Be sure to watch the project's YouTube video as well:
Some time ago i saw some interesting looking photos, that looked like small models or just like a miniature. I found out that, such photos,are called tilt-shift photos. Immediately after seeing an amazing tilt-shift timelapse I took a closer look at how I could replicate this effect. As I found out, there are two main methods: You can either use a tilt shift lens or add this effect in post production with a software like Lightroom or Photoshop. Sadly, both methods had some significant disadvantages. The tilt-shift lenses are great and produce amazing looking photographs, but are very expensive; the cheapest lens I found was made by samyang and retailed for a little over 700$. The other method doesn't require any special equipment and can be applied to photos you have already taken by just editing them in post. However, I oftentimes ended up with very unrealistic results.
I asked myself if there was another way of achieving the desired effect. I came up with the idea of making my own adapter which converts old vintage lenses into tilt-shift lenses. I use vintage lenses, because they are very sharp, and in the same time cheap, easy to find and with a long flange distance which is always a plus when making an adapter. I found the helios 44-2 and the Zenit- E body in my grandparents’ garage and the lens was perfect for the build. It had a focal length of 85mm when put on a APS-C size sensor. At first I thought that this particular lens was a very rare one, but after some research, it turned out that it was relatively easy find on ebay, which made it quite cheap. On average, a used copy costs anywhere between 20 and 40 dollars, depending on its condition. Mine was quite dirty, so i took it apart and cleaned it, which had no effects on the optical performance, but it did help in terms of ease of use and smooth focusing.
The next step was to design and 3d-print the adapter. Before i started designing it, i had to make sure several constraints were fulfilled. First of all, and probably most importantly, the adapter had to be exactly 27mm long. The distance was calculated by subtracting the flange distance of the camera from the flange distance of the lens. The helios 44-2 is a m42 lens. Turns out, all m42 lenses have the same flange distance which is around 45.5mm. And since i am going to use it on a sony mirrorless camera with a 18mm flange distance, this meant that adapter had to be 27mm long. This distance is very important and if you go past it, achieving infinitive focus will be impossible.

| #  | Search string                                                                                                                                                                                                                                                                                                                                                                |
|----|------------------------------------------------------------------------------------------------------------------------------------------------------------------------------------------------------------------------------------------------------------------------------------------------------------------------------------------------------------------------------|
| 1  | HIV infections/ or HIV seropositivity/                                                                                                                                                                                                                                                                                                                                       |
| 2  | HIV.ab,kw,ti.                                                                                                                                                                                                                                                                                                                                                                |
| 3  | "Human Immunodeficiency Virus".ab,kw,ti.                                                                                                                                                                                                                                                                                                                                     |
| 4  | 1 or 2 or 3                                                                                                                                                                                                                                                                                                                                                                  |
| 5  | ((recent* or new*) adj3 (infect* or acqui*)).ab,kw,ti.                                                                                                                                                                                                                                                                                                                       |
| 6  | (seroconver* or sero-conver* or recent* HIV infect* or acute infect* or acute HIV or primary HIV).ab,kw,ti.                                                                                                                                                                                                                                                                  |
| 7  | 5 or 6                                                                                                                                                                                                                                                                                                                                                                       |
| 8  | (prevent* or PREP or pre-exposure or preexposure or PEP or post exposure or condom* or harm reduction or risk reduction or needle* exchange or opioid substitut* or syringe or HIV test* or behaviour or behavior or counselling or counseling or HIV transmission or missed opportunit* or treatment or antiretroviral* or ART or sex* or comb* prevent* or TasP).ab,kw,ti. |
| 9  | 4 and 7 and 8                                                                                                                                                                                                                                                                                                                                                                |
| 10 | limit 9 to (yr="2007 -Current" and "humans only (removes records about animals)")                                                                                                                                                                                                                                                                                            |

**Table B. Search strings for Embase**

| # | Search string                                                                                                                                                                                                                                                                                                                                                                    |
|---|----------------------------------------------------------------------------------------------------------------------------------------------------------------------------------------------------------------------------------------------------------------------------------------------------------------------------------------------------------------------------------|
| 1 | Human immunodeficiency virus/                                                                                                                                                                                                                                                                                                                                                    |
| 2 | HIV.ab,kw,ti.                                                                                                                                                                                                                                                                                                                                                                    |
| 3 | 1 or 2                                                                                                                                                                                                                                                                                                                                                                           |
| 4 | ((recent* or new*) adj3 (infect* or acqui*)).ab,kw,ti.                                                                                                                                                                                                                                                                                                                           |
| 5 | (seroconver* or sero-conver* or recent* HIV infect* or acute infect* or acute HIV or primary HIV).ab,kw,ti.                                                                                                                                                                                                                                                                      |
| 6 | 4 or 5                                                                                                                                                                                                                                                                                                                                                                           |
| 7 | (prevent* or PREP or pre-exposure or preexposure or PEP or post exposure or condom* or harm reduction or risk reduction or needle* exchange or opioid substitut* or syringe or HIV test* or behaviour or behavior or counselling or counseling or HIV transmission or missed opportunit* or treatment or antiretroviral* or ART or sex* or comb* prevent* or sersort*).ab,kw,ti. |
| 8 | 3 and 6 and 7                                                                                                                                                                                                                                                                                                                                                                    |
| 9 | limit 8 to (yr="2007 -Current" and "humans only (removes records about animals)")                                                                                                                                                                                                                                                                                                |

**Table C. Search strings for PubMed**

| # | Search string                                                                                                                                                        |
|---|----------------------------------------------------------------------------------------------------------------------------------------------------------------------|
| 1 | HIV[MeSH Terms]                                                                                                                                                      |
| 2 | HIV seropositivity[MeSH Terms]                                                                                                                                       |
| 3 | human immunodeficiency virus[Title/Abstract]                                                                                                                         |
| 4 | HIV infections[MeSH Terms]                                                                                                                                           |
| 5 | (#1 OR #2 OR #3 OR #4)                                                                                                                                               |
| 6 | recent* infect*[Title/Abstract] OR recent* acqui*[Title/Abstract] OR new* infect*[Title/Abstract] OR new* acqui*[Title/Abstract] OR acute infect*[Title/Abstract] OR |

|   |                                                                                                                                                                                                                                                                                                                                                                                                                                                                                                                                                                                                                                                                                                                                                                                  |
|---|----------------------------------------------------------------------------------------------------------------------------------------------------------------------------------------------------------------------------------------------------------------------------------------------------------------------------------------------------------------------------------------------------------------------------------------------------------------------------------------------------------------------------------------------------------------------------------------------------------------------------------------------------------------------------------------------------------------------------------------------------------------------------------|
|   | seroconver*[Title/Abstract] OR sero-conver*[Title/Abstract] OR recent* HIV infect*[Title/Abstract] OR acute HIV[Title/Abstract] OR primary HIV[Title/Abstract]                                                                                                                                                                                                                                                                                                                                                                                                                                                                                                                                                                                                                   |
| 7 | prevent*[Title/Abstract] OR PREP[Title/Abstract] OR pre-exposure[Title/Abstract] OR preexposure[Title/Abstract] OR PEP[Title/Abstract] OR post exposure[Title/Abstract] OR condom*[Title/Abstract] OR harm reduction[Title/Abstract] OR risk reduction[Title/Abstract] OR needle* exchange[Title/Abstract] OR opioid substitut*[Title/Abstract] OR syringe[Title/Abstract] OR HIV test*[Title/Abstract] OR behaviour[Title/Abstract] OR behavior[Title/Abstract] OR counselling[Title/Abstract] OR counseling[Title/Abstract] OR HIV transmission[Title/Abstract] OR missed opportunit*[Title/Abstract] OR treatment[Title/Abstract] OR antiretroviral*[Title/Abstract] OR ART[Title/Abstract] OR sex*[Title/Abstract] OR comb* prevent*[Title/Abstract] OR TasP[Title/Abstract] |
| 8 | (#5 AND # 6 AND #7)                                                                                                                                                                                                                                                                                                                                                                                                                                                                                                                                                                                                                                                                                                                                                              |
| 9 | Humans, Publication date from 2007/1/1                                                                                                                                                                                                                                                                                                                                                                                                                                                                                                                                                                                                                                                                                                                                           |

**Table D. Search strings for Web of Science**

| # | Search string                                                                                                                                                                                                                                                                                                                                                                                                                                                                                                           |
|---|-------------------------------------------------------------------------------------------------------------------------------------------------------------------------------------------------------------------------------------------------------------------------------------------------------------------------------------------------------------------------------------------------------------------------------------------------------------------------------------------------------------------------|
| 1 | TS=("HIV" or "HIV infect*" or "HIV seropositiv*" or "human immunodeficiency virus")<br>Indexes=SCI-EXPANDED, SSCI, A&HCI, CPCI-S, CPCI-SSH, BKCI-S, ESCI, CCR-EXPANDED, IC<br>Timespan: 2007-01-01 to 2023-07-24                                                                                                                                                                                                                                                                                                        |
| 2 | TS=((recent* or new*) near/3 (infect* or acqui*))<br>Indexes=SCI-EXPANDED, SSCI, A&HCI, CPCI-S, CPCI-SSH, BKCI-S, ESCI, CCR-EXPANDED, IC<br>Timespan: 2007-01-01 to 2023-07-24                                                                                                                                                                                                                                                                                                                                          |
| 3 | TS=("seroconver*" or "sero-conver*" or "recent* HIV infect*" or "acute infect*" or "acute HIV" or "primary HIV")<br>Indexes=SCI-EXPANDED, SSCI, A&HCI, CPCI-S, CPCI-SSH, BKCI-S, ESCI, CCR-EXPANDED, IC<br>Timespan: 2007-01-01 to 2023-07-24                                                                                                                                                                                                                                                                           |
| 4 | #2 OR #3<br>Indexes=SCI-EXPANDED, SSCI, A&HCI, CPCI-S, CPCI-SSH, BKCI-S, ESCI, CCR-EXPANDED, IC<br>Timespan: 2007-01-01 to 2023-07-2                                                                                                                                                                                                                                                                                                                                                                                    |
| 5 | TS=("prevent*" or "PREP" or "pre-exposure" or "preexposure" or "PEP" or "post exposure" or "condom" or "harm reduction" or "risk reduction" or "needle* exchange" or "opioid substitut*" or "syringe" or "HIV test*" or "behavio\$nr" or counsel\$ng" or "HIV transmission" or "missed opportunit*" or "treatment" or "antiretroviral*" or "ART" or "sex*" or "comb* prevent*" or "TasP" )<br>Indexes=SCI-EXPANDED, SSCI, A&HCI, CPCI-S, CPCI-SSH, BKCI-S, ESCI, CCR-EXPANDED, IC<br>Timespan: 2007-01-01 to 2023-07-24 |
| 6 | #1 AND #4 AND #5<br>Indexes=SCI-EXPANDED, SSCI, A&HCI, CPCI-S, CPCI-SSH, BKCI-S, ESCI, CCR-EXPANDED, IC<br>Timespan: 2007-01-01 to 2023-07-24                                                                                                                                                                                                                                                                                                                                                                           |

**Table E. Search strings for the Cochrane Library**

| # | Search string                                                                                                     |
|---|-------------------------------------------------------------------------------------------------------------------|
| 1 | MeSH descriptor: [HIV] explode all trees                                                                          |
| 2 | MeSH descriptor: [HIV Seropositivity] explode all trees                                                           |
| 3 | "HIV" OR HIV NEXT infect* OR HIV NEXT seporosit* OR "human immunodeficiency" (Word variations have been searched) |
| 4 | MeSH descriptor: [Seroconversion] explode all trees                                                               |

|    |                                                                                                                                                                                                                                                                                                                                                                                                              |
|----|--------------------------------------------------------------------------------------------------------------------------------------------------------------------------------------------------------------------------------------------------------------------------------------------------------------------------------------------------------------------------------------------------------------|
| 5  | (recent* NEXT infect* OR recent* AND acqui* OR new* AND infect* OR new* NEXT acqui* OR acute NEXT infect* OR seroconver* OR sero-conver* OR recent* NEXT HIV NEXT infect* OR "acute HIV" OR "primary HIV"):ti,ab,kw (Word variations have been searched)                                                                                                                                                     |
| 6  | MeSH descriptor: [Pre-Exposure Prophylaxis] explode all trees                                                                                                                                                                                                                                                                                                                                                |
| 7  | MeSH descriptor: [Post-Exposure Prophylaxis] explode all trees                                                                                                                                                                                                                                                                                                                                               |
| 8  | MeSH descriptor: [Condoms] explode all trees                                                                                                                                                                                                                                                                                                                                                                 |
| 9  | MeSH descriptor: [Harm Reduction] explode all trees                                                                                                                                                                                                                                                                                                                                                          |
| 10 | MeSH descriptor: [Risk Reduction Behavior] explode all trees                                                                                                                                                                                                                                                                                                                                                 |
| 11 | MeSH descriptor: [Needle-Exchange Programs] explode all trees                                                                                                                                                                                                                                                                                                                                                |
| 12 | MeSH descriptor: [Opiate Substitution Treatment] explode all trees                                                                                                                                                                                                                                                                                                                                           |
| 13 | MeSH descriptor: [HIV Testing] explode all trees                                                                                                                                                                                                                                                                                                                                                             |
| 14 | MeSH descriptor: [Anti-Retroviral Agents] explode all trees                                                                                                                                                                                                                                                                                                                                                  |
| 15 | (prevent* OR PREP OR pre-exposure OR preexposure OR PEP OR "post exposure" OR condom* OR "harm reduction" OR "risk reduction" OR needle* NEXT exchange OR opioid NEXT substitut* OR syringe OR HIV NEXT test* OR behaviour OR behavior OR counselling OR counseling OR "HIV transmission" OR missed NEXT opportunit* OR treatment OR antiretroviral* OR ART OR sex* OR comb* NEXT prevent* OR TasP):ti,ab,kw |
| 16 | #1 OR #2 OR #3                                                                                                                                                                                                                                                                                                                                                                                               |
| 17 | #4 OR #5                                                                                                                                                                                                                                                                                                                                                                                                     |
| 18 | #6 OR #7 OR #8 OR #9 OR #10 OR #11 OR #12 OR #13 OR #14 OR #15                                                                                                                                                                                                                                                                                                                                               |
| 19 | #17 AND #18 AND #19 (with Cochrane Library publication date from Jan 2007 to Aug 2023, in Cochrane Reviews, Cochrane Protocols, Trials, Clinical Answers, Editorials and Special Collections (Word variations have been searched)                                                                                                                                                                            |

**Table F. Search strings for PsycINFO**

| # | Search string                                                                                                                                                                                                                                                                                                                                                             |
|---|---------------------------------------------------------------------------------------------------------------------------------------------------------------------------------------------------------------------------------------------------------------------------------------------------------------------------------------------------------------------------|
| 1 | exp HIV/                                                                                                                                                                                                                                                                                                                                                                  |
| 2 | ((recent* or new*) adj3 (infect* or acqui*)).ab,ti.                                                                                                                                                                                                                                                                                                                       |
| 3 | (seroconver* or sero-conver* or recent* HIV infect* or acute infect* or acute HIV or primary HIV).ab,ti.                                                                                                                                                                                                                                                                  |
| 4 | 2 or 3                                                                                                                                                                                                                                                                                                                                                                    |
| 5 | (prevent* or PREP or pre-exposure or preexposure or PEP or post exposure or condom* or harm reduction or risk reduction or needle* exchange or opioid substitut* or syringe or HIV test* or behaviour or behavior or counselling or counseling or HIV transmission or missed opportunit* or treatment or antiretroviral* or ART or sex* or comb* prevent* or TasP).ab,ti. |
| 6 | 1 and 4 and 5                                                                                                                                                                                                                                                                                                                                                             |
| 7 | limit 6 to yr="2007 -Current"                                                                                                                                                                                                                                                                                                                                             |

The second thing i wanted was to allow adjustability. I initially experimented with an adjustable tilt function, which rendered the adapter way too bulky. So the second prototype lost it, but that came at the cost of no adjustability. After extensive prototyping, the last design features a full 360° rotational setting.
The last requirement was a design that consisted entirely of 3d printed parts, so that everyone could build it at home. This is what the final product looks like in fusion 360. Just to demonstrate the iterative nature of the design process, here are all the test pieces that led to it.
The final assembly is built from 8 individual parts, each of which constructed so that no supports were needed. I will not go into too much detail about the printing itself, as it would be slightly beside the point of the video. If, however, you’re interested in the settings, times and other details, please visit the project’s thingiverse page, a link to which is in the description. Once all the parts were printed, it was time for the final assembly. Almost no post-production was needed owing to the careful design. Two subassemblies had to be prepared first. The thread adapter was press-fitted in the tilted barrel. The cap came in next, before the sprocket, for it wouldn’t fit in afterwards.
The second subassembly was the bajonet. It had to be snapped and glued together: printing it as one part wouldn’t be feasible. The base for holding the barrel came on top. In the end, the two components were glued together to form the final adapter.
If you have any questions, feel free to send me a message.